Hilary Mantel’s Ten Rules for Writing Fiction

In 2010, inspired by Elmore Leonard’s Ten Rules of Writing, The Guardian asked some of the world’s most respected writers to share their best tips. Here’s how Hilary Mantel, the first British author to win the Man Booker Prize twice, responded to the task.

  1. Are you serious about this? Then get an accountant.
  2. Read Becoming a Writer, by Dorothea Brande. Then do what it says, including the tasks you think are impossible. You will particularly hate the advice to write first thing in the morning, but if you can manage it, it might well be the best thing you ever do for yourself. This book is about becoming a writer from the inside out. Many later advice manuals derive from it. You don’t ­really need any others, though if you want to boost your confidence, “how to” books seldom do any harm. You can kick-start a whole book with some little writing exercise.
  3. Write a book you’d like to read. If you wouldn’t read it, why would anybody else? Don’t write for a perceived audience or market. It may well have vanished by the time your book’s ready.
  4. If you have a good story idea, don’t assume it must form a prose narrative. It may work better as a play, a screenplay or a poem. Be flexible.
  5. Be aware that anything that appears before “Chapter One” may be skipped. Don’t put your vital clue there.
  6. First paragraphs can often be struck out. Are you performing a haka, or just shuffling your feet?
  7. Concentrate your narrative energy on the point of change. This is especially important for historical fiction. When your character is new to a place, or things alter around them, that’s the point to step back and fill in the details of their world. People don’t notice their everyday surroundings and daily routine, so when writers describe them it can sound as if they’re trying too hard to instruct the reader.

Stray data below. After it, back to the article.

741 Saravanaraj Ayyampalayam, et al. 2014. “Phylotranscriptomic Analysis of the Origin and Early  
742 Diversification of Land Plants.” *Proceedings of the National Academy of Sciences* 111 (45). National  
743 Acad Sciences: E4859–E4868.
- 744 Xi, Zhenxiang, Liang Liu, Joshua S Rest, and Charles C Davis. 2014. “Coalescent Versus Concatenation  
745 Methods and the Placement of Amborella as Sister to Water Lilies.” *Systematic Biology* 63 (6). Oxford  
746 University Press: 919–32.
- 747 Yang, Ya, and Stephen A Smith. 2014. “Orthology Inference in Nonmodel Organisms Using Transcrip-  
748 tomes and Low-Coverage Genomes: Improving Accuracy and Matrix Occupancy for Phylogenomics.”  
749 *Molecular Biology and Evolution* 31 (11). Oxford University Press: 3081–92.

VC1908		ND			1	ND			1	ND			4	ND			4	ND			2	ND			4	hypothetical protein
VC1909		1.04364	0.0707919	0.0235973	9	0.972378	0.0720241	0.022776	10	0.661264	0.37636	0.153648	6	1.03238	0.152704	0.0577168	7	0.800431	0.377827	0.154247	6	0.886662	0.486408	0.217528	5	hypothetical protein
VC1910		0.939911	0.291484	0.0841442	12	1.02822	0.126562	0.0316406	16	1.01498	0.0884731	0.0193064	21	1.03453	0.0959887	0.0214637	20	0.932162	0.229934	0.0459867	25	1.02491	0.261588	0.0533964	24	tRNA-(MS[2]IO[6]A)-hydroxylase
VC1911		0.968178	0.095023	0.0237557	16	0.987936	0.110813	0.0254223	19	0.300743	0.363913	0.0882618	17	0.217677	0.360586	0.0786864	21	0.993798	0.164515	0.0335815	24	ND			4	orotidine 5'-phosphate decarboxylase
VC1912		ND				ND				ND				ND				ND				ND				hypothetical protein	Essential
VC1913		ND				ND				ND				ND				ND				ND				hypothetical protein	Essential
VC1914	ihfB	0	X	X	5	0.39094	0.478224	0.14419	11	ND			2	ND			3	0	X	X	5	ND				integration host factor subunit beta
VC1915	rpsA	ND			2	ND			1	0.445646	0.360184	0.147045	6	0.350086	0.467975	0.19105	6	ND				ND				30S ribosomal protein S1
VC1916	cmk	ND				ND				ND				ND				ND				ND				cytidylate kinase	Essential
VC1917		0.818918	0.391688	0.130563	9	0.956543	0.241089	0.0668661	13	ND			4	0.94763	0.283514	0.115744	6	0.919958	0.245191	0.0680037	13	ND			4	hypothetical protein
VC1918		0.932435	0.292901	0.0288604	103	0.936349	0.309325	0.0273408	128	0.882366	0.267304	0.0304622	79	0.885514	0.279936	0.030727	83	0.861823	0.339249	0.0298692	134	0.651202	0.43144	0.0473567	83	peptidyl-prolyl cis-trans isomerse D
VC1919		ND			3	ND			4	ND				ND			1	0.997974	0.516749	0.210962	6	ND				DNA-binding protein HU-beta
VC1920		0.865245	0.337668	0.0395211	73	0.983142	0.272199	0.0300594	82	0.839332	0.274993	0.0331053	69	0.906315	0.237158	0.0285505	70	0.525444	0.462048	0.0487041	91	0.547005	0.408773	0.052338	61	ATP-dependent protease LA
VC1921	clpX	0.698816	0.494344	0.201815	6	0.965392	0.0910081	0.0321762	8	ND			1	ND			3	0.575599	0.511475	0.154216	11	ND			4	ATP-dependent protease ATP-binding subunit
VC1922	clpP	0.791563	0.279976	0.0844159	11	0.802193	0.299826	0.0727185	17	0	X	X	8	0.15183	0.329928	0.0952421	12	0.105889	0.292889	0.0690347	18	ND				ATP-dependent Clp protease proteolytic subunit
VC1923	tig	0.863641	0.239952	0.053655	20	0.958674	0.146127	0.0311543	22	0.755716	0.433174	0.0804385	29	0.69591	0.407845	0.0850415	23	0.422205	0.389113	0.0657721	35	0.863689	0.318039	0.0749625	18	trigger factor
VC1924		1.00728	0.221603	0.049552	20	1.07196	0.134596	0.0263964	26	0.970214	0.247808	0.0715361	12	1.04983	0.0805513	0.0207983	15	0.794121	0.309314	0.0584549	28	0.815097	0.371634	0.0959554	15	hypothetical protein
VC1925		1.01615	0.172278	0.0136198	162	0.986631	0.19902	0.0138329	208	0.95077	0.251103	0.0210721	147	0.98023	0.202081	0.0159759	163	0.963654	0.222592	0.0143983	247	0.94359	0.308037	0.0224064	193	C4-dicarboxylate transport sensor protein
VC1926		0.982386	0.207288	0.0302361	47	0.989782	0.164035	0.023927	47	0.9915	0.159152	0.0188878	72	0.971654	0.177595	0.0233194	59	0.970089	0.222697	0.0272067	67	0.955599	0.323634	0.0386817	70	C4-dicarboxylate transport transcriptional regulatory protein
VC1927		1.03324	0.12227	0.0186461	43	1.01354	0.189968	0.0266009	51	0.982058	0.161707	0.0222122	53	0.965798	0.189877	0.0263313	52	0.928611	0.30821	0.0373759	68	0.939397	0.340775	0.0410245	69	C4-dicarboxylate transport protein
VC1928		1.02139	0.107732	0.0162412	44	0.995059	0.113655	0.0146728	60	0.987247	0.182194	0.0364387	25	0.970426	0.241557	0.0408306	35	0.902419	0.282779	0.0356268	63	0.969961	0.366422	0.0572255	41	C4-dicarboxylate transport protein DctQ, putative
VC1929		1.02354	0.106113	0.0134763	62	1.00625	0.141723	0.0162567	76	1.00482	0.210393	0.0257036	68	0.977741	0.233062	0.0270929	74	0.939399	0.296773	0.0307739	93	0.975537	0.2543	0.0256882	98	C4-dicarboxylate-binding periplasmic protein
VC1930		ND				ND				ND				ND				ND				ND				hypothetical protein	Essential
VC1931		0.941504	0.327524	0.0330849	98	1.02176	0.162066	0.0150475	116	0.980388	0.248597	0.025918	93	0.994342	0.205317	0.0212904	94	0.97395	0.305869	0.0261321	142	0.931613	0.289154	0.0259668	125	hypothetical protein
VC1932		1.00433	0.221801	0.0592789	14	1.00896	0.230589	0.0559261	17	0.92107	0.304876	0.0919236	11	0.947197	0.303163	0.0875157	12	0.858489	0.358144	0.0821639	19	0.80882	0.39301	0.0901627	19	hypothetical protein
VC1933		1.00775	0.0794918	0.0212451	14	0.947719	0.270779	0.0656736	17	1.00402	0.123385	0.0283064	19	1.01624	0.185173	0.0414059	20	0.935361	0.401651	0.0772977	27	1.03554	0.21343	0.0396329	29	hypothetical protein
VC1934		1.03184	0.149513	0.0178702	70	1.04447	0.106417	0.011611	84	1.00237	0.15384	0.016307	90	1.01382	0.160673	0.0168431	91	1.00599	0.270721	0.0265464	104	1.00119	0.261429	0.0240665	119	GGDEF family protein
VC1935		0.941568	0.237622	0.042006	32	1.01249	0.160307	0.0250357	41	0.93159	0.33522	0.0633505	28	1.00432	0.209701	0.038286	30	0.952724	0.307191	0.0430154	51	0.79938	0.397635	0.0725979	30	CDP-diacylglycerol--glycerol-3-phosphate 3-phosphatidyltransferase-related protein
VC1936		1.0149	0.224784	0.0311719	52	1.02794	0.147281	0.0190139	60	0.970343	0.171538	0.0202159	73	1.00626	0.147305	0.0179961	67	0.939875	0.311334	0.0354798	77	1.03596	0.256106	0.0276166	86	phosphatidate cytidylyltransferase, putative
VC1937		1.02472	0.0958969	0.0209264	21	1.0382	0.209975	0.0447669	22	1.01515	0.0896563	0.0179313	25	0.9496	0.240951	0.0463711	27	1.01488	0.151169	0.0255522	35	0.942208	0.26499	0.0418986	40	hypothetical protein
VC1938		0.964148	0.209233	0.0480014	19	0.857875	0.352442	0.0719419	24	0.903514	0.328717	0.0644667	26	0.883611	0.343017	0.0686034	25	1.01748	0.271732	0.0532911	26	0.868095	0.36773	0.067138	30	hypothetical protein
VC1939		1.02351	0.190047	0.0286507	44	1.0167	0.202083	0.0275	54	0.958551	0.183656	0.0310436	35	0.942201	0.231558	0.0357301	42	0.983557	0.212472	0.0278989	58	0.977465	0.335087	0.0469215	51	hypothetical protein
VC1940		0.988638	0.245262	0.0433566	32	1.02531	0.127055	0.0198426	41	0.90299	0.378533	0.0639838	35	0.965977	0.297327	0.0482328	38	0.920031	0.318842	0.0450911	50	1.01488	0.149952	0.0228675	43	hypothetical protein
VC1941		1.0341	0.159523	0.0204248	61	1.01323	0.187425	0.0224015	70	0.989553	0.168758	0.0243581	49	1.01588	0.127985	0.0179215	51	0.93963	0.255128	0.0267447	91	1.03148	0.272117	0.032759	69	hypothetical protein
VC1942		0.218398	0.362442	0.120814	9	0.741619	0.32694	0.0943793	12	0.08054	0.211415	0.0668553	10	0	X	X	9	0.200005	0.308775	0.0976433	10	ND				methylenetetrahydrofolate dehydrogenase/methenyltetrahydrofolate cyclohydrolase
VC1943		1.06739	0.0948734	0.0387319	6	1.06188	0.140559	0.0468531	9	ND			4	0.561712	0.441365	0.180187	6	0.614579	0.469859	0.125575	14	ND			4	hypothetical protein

8. Description must work for its place. It can’t be simply ornamental. It ­usually works best if it has a human element; it is more effective if it comes from an implied viewpoint, rather than from the eye of God. If description is coloured by the viewpoint of the character who is doing the noticing, it becomes, in effect, part of character definition and part of the action.
  9. If you get stuck, get away from your desk. Take a walk, take a bath, go to sleep, make a pie, draw, listen to ­music, meditate, exercise; whatever you do, don’t just stick there scowling at the problem. But don’t make telephone calls or go to a party; if you do, other people’s words will pour in where your lost words should be. Open a gap for them, create a space. Be patient.
  10. Be ready for anything. Each new story has different demands and may throw up reasons to break these and all other rules. Except number one: you can’t give your soul to literature if you’re thinking about income tax.
About Hilary Mantel

Since winning her first Man Booker Prize in 2009 for Wolf Hall, Hilary Mantel has become one of the UK’s best-known authors. Her books include Eight Months on Ghazzah Street (1988); Fludd (1989) winner of the Winifred Holtby Memorial Prize, the Cheltenham Prize and the Southern Arts Literature Prize; A Place of Greater Safety (1992), winner of the Sunday Express Book of the Year award; A Change of Climate (1994); An Experiment in Love (1995), winner of the 1996 Hawthornden Prize. Her memoir, Giving Up the Ghost (2003), was the MIND Book of the Year.

Beyond Black (2005), was shortlisted for a 2006 Commonwealth Writers Prize and for the 2006 Orange Prize for Fiction and longlisted for the Man Booker Prize; Wolf Hall(2009), was winner of the Man Booker Prize and the Walter Scott Prize for Historical Fiction; and Bring Up The Bodies (2012), her most recent novel, was winner of the Man Booker Prize, and Costa Book of the year 2012.

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